One of the largest ways someone could get their information stolen is through company wide breaches. “Earlier this month, Forbes reported that “An authorized third party gained access to Equifax data on as many as 143 million Americans… Included among files accessed by hackers was a treasure trove of personal data: names, dates of birth, Social Security numbers, addresses…” If that doesn’t sound bad enough, consider this additional irony – Equifax, as one of the leading credit reporting agencies, is expected to secure its customers from abuse of their personal data!” (USC Marshall) These breaches are a massive deal and put millions of people at risk. Not only the employee’s of the company, but the clients of that company as well. A “data breach” can be defined as “an incident in which an individual name plus a Social Security number, driver’s license number, medical record or financial record (credit/debit cards included) is potentially put at risk because of exposure.” For example, the Equifax breach referred to earlier, is considered one of the largest and most serious data breaches in history.
According to the USC Marshall, hackers also exploit weak access controls around where data is stored or how it is transferred. The recent work trend towards BYOD (bring your own devices) has increased this risk as many of these devices do not have recommended mobile security solutions. Risk also comes from MITM (man in the middle) type attacks on Wi-Fi networks that do not use security measures like WAP, WPA, or WPA2. Earlier this year, a contractor employee at Anthem stole the personal health information, including Social Security and Medicare information data, of more than 18,000 Anthem Medicare enrollees, by simply copying the data from Anthem systems and emailing it to his personal email address.
This is not stopping though. According to the City of San Jose, there were more than 9.9 million cases of identity theft last year, and that is just in the United States. These thefts have seen a steady increase over the last couple of years, and do not seem to show any patterns of slowing down anytime soon.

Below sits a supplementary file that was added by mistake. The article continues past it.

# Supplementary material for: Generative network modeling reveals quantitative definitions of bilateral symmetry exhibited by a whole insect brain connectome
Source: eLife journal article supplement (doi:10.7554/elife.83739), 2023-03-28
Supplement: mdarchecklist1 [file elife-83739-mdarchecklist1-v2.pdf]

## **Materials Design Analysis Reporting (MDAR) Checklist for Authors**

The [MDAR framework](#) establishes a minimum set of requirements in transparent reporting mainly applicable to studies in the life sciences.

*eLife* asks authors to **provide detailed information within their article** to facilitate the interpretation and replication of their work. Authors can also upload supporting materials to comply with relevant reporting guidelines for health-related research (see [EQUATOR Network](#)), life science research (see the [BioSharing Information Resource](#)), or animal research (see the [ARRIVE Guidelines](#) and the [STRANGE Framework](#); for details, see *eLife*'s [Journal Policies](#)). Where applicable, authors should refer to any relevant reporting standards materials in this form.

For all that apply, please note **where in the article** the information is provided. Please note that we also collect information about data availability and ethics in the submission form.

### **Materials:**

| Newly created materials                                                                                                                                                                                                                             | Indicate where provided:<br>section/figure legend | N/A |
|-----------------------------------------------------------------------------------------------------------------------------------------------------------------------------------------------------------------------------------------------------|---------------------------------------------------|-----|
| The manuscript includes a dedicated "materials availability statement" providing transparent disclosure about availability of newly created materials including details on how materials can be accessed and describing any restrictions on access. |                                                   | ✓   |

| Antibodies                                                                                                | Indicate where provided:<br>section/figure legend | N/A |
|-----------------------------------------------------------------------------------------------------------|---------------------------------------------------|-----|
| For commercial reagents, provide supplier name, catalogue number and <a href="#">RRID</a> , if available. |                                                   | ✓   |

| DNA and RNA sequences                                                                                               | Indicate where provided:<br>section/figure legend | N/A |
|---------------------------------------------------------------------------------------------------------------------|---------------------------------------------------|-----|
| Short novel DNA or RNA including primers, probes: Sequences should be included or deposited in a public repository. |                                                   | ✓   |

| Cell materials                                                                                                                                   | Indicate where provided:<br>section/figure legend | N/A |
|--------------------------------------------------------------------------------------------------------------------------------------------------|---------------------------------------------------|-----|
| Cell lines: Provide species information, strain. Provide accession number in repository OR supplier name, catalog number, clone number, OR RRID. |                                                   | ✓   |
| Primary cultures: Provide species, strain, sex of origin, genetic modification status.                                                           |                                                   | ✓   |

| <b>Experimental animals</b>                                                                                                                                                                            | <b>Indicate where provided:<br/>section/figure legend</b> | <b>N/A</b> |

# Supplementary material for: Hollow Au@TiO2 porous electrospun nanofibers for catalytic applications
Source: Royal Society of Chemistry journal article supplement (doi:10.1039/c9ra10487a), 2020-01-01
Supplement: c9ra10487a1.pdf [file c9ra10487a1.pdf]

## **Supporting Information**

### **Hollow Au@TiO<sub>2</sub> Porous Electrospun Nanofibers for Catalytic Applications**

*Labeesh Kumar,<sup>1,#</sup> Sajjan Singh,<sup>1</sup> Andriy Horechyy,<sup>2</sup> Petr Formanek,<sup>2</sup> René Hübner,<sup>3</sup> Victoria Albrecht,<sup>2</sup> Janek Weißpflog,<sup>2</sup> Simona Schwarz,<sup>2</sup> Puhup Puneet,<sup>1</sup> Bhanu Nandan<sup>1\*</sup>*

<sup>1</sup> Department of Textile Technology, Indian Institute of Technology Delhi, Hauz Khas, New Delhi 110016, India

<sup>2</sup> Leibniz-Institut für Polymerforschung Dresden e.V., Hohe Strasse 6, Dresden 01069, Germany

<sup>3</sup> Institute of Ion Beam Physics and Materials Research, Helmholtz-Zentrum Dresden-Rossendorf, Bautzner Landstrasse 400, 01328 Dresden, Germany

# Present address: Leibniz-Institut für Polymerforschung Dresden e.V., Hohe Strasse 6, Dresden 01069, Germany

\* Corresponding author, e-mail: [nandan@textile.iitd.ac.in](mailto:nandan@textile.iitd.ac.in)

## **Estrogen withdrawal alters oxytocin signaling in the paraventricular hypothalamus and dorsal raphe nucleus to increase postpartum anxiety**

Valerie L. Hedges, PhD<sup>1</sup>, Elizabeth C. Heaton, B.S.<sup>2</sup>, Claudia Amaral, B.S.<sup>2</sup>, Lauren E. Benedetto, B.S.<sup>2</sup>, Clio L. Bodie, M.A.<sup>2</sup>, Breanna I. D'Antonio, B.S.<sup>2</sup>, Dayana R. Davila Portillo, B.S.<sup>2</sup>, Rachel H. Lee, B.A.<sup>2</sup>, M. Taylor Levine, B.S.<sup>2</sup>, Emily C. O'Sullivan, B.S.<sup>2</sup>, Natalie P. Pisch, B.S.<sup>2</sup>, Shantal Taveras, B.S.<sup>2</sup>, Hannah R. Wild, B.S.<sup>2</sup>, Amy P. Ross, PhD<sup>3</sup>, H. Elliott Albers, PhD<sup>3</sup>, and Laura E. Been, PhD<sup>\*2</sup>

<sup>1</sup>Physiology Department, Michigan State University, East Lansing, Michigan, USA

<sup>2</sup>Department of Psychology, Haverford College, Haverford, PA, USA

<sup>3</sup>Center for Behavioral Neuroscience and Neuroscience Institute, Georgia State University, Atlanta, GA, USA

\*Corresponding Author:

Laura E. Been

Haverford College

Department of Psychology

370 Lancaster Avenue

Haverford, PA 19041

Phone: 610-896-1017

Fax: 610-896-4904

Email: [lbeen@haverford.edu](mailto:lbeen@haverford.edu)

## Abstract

Once thieves get into a personal computer, it is almost game over. They can begin to start monitoring internet habits, keystrokes, programs being run, and even start collecting personal information like social security numbers and credit card information. These scammers then turn around and sell these cards on the black market or make purchases on them themselves. Not only that, but they are getting as complex as even being able to open bank accounts in a victim’s name. (Webroot) Things are getting scarier and scarier when it comes to security over the internet. Not only can these people steal a life, but they can make it seamlessly disappear as well.
It does not have to end there, however. There are many precautions one can take to make sure they do not become victim to these attacks. First of all and mainly, be cautious about phishers. What to look for has already been specified, so go back and look at that if needed. Do not use the same password for multiple accounts, sites, etc. This can lead to many accounts being compromised, not just one. Passwords should be long phrases that can be remembered, but not guessed. Use capital letters and symbols. The more characters the better. If the hackers cannot get the information in the first place, the safer one is. Buy antivirus software. These softwares work on the application level and scan all the way down to the physical layer for threats. Then blocking them making sure no damage is done. (Webroot)